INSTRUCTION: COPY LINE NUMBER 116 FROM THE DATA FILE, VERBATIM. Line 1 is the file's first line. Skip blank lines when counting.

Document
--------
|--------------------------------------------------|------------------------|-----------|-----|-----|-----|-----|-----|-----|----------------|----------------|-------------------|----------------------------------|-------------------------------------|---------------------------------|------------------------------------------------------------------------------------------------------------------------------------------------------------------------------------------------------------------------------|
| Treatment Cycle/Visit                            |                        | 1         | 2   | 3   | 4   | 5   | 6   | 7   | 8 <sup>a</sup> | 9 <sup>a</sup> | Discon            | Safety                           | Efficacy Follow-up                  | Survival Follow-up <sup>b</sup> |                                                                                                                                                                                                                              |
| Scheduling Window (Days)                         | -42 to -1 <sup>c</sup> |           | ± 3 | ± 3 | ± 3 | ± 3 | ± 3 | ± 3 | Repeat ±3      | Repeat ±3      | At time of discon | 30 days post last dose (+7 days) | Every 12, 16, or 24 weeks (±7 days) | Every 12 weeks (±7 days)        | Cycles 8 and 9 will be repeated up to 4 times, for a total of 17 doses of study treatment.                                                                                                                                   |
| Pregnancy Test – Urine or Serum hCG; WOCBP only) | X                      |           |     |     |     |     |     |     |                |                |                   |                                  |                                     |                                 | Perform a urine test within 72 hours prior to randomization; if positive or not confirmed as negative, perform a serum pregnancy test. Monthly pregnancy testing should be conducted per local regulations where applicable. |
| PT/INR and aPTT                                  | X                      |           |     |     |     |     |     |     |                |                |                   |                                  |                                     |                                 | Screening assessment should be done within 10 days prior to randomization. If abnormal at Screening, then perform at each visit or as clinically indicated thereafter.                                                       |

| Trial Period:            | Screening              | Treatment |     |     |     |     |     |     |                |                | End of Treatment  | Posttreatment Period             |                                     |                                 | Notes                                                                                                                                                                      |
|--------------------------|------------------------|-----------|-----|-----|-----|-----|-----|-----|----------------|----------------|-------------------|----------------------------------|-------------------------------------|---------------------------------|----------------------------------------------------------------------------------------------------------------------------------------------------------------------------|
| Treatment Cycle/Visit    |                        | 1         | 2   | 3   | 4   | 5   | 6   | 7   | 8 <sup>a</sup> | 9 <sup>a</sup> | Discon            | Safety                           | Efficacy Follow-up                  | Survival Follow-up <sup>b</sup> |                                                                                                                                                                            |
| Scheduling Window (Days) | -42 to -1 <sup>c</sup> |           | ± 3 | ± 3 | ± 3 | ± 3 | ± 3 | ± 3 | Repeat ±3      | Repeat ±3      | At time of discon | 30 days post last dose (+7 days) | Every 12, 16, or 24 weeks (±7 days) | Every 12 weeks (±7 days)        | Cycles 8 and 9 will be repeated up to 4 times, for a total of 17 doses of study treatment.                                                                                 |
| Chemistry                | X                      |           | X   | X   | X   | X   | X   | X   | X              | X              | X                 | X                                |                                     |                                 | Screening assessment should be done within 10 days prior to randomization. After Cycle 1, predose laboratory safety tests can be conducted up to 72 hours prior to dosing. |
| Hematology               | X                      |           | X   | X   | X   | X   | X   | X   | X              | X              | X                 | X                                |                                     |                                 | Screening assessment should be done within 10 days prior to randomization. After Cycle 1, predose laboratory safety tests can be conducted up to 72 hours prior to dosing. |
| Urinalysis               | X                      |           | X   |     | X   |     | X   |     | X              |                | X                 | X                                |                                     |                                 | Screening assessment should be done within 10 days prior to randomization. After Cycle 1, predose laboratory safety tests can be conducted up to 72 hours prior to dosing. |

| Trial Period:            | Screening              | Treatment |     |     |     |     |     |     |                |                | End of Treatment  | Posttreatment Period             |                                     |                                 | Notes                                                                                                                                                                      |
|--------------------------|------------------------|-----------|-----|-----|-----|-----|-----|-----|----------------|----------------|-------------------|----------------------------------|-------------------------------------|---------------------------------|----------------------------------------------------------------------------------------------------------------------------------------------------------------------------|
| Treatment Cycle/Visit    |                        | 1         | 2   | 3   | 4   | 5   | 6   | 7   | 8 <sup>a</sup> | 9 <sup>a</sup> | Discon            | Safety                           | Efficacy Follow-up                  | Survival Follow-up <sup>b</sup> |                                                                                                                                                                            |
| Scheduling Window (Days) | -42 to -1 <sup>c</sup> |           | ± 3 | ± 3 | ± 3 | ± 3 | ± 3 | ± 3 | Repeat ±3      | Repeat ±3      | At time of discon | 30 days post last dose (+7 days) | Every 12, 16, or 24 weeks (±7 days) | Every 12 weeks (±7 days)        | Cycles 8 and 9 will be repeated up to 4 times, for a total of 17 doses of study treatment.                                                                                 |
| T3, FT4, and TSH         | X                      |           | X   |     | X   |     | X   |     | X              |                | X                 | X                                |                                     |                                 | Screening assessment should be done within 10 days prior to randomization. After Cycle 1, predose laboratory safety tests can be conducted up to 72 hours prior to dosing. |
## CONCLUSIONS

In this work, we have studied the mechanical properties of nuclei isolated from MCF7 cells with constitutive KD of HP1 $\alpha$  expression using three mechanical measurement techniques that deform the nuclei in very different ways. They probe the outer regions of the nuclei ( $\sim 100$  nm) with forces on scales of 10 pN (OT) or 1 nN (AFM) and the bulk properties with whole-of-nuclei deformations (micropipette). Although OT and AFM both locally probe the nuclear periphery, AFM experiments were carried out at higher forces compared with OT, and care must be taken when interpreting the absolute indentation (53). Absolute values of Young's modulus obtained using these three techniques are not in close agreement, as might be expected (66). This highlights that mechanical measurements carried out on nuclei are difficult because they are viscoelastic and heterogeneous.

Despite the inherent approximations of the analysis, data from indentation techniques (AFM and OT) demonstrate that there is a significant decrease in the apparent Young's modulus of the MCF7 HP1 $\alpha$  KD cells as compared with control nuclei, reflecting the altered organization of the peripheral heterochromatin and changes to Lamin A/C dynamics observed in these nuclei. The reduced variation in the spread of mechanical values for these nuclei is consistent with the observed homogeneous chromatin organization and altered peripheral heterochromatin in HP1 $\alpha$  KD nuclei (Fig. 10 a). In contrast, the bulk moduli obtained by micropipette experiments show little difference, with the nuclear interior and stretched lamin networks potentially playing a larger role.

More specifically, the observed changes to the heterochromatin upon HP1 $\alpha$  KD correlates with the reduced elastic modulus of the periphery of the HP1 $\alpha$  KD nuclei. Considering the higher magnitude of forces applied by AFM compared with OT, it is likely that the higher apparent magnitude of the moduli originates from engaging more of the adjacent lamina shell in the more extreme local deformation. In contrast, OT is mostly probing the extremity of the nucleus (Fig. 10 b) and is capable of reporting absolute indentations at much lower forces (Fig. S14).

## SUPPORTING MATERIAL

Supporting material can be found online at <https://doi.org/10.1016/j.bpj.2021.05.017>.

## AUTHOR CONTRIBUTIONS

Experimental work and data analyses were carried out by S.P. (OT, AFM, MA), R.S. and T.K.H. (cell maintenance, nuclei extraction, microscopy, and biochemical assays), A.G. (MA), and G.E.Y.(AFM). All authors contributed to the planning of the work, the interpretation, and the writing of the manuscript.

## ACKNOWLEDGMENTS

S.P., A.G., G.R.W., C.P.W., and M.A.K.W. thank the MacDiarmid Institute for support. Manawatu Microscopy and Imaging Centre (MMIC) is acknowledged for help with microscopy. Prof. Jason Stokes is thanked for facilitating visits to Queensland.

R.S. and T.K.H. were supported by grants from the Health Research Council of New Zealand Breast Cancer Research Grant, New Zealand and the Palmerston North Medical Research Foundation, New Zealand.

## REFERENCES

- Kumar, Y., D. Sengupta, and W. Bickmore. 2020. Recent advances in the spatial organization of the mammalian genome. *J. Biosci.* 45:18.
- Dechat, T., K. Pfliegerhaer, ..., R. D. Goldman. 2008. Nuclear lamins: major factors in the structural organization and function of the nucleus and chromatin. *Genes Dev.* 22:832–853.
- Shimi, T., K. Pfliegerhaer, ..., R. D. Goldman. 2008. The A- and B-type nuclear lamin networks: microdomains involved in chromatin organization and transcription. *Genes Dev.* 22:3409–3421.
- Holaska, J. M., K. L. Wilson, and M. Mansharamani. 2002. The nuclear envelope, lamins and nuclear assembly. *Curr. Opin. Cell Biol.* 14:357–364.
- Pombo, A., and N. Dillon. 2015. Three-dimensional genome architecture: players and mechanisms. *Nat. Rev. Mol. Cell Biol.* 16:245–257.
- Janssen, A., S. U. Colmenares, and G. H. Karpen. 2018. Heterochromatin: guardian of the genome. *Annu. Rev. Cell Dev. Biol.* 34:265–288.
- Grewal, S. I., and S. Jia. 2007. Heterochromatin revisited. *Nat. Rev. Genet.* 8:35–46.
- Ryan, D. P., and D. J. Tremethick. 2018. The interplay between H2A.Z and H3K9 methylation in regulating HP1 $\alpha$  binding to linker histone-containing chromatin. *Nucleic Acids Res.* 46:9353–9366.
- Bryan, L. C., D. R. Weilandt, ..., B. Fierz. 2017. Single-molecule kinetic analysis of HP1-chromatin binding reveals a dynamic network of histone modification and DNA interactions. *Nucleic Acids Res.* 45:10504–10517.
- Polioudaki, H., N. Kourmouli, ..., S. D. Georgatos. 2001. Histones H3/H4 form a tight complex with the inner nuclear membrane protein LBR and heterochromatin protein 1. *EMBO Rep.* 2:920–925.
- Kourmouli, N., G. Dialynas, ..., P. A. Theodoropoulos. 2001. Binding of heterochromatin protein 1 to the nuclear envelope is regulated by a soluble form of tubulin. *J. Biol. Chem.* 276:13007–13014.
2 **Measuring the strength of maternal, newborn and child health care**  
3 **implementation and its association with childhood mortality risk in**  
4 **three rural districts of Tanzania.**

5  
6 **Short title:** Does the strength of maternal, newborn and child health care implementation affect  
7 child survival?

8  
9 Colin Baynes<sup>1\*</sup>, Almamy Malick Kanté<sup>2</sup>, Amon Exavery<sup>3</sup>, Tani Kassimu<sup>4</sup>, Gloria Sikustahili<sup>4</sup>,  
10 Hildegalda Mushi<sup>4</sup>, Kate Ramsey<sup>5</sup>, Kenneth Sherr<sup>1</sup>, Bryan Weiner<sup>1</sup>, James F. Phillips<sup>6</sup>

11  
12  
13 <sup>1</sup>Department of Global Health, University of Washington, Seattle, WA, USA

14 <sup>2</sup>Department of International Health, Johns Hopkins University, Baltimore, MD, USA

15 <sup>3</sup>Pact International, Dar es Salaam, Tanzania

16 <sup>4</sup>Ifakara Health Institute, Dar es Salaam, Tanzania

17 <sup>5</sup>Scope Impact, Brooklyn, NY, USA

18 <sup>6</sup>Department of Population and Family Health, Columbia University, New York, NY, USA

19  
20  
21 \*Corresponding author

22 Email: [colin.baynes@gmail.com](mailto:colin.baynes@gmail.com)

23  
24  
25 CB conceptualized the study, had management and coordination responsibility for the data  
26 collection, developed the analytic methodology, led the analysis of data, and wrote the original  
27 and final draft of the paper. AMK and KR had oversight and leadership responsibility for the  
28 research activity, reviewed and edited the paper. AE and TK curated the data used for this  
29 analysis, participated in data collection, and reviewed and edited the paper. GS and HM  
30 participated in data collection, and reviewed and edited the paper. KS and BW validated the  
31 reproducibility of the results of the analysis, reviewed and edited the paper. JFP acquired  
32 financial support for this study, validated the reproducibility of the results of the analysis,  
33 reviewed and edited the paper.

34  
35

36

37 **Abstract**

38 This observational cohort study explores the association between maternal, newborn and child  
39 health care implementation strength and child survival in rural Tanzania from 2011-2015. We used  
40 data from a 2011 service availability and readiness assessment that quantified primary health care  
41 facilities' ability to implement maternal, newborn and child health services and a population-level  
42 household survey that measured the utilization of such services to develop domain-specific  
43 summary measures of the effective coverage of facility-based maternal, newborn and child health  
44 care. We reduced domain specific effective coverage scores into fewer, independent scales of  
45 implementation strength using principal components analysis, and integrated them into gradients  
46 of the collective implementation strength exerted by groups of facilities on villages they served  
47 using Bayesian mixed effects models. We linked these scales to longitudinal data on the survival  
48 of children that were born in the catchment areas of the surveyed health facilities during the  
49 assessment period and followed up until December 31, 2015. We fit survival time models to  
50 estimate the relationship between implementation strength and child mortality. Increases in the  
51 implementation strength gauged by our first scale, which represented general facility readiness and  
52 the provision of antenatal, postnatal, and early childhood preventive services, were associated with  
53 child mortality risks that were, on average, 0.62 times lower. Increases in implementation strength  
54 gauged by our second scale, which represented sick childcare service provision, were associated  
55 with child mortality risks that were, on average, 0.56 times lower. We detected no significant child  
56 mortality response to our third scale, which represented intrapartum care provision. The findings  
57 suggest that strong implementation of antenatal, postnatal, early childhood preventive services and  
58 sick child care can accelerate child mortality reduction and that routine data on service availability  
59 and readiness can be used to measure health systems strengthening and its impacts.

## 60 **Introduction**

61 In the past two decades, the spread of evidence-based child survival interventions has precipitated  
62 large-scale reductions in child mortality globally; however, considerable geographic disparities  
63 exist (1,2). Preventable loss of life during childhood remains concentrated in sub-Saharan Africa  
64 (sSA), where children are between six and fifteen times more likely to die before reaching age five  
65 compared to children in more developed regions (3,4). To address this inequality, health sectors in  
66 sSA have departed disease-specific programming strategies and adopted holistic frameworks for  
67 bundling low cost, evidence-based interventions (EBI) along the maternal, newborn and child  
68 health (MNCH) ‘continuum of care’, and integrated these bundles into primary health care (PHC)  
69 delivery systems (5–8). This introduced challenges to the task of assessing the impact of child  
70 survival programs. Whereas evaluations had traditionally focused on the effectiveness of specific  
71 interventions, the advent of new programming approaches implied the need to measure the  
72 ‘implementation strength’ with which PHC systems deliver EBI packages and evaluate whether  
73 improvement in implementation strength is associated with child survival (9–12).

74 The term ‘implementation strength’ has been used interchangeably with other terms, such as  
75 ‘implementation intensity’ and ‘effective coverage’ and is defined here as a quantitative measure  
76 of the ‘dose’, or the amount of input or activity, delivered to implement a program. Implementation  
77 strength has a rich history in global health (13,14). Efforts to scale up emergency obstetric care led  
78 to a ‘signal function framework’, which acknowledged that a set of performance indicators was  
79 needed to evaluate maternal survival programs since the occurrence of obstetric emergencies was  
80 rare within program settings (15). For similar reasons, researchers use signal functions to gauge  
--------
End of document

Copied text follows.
77 strength has a rich history in global health (13,14). Efforts to scale up emergency obstetric care led  